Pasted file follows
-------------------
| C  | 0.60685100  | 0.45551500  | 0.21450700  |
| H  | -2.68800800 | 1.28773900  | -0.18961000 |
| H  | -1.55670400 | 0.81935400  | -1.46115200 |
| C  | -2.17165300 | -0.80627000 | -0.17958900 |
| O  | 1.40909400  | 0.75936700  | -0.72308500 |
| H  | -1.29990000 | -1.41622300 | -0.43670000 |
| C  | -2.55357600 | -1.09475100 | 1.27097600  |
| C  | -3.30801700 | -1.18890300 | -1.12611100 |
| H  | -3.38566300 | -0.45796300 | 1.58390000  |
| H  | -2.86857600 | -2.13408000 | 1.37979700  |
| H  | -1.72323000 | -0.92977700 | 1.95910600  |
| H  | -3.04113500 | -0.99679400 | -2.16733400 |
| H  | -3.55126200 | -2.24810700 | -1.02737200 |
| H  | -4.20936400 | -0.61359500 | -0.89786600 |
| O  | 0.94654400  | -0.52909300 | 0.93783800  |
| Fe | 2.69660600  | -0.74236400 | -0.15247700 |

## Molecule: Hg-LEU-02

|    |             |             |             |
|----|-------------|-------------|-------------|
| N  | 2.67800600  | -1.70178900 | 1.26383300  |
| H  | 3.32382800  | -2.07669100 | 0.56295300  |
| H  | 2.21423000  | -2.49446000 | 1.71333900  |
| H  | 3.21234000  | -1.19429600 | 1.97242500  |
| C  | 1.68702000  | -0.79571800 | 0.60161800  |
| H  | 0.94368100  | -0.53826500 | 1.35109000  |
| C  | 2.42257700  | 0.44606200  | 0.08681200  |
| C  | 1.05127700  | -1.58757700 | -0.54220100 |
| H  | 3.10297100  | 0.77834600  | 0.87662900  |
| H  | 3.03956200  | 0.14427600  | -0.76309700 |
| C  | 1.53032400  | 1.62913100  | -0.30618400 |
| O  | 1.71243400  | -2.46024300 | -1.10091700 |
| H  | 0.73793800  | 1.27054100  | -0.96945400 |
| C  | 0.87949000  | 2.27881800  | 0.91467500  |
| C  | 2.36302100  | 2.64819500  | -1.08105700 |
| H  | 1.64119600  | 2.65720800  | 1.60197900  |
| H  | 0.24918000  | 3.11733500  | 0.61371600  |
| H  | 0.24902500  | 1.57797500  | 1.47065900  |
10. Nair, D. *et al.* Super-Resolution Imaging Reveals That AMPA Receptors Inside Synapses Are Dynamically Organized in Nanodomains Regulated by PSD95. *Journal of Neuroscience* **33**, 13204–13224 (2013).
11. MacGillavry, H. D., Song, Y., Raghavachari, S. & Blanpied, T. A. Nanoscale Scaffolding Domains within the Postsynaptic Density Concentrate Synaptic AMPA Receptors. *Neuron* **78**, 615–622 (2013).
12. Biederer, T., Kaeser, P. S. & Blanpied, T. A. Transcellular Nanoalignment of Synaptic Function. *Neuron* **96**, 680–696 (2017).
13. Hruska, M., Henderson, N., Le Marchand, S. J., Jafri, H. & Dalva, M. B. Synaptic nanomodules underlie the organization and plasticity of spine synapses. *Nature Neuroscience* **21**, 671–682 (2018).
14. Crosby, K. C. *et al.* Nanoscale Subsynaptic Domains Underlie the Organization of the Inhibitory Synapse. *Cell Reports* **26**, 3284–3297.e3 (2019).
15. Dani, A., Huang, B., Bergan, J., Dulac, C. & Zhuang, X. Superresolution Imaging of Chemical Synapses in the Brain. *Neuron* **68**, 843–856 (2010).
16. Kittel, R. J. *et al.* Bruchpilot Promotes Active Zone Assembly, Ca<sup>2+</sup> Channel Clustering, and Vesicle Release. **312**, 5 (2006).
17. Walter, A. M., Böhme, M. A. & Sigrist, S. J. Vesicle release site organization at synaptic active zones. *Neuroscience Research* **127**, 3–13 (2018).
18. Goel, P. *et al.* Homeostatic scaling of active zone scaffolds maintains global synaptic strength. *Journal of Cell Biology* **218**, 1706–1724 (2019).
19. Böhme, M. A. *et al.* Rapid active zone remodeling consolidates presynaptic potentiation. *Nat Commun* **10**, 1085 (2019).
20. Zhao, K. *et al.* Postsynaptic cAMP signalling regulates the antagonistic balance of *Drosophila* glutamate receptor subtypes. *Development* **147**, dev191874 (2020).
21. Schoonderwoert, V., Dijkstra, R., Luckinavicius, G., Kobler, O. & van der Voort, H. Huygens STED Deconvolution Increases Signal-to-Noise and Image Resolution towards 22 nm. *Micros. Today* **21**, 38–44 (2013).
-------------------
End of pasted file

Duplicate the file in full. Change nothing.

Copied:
| C  | 0.60685100  | 0.45551500  | 0.21450700  |
| H  | -2.68800800 | 1.28773900  | -0.18961000 |
| H  | -1.55670400 | 0.81935400  | -1.46115200 |
| C  | -2.17165300 | -0.80627000 | -0.17958900 |
| O  | 1.40909400  | 0.75936700  | -0.72308500 |
| H  | -1.29990000 | -1.41622300 | -0.43670000 |
| C  | -2.55357600 | -1.09475100 | 1.27097600  |
| C  | -3.30801700 | -1.18890300 | -1.12611100 |
| H  | -3.38566300 | -0.45796300 | 1.58390000  |
| H  | -2.86857600 | -2.13408000 | 1.37979700  |
| H  | -1.72323000 | -0.92977700 | 1.95910600  |
| H  | -3.04113500 | -0.99679400 | -2.16733400 |
| H  | -3.55126200 | -2.24810700 | -1.02737200 |
| H  | -4.20936400 | -0.61359500 | -0.89786600 |
| O  | 0.94654400  | -0.52909300 | 0.93783800  |
| Fe | 2.69660600  | -0.74236400 | -0.15247700 |

## Molecule: Hg-LEU-02

|    |             |             |             |
|----|-------------|-------------|-------------|
| N  | 2.67800600  | -1.70178900 | 1.26383300  |
| H  | 3.32382800  | -2.07669100 | 0.56295300  |
| H  | 2.21423000  | -2.49446000 | 1.71333900  |
| H  | 3.21234000  | -1.19429600 | 1.97242500  |
| C  | 1.68702000  | -0.79571800 | 0.60161800  |
| H  | 0.94368100  | -0.53826500 | 1.35109000  |
| C  | 2.42257700  | 0.44606200  | 0.08681200  |
| C  | 1.05127700  | -1.58757700 | -0.54220100 |
| H  | 3.10297100  | 0.77834600  | 0.87662900  |
| H  | 3.03956200  | 0.14427600  | -0.76309700 |
| C  | 1.53032400  | 1.62913100  | -0.30618400 |
| O  | 1.71243400  | -2.46024300 | -1.10091700 |
| H  | 0.73793800  | 1.27054100  | -0.96945400 |
| C  | 0.87949000  | 2.27881800  | 0.91467500  |
| C  | 2.36302100  | 2.64819500  | -1.08105700 |
| H  | 1.64119600  | 2.65720800  | 1.60197900  |
| H  | 0.24918000  | 3.11733500  | 0.61371600  |
| H  | 0.24902500  | 1.57797500  | 1.47065900  |
10. Nair, D. *et al.* Super-Resolution Imaging Reveals That AMPA Receptors Inside Synapses Are Dynamically Organized in Nanodomains Regulated by PSD95. *Journal of Neuroscience* **33**, 13204–13224 (2013).
11. MacGillavry, H. D., Song, Y., Raghavachari, S. & Blanpied, T. A. Nanoscale Scaffolding Domains within the Postsynaptic Density Concentrate Synaptic AMPA Receptors. *Neuron* **78**, 615–622 (2013).
12. Biederer, T., Kaeser, P. S. & Blanpied, T. A. Transcellular Nanoalignment of Synaptic Function. *Neuron* **96**, 680–696 (2017).
13. Hruska, M., Henderson, N., Le Marchand, S. J., Jafri, H. & Dalva, M. B. Synaptic nanomodules underlie the organization and plasticity of spine synapses. *Nature Neuroscience* **21**, 671–682 (2018).
14. Crosby, K. C. *et al.* Nanoscale Subsynaptic Domains Underlie the Organization of the Inhibitory Synapse. *Cell Reports* **26**, 3284–3297.e3 (2019).
15. Dani, A., Huang, B., Bergan, J., Dulac, C. & Zhuang, X. Superresolution Imaging of Chemical Synapses in the Brain. *Neuron* **68**, 843–856 (2010).
16. Kittel, R. J. *et al.* Bruchpilot Promotes Active Zone Assembly, Ca<sup>2+</sup> Channel Clustering, and Vesicle Release. **312**, 5 (2006).
17. Walter, A. M., Böhme, M. A. & Sigrist, S. J. Vesicle release site organization at synaptic active zones. *Neuroscience Research* **127**, 3–13 (2018).
18. Goel, P. *et al.* Homeostatic scaling of active zone scaffolds maintains global synaptic strength. *Journal of Cell Biology* **218**, 1706–1724 (2019).
19. Böhme, M. A. *et al.* Rapid active zone remodeling consolidates presynaptic potentiation. *Nat Commun* **10**, 1085 (2019).
20. Zhao, K. *et al.* Postsynaptic cAMP signalling regulates the antagonistic balance of *Drosophila* glutamate receptor subtypes. *Development* **147**, dev191874 (2020).
21. Schoonderwoert, V., Dijkstra, R., Luckinavicius, G., Kobler, O. & van der Voort, H. Huygens STED Deconvolution Increases Signal-to-Noise and Image Resolution towards 22 nm. *Micros. Today* **21**, 38–44 (2013).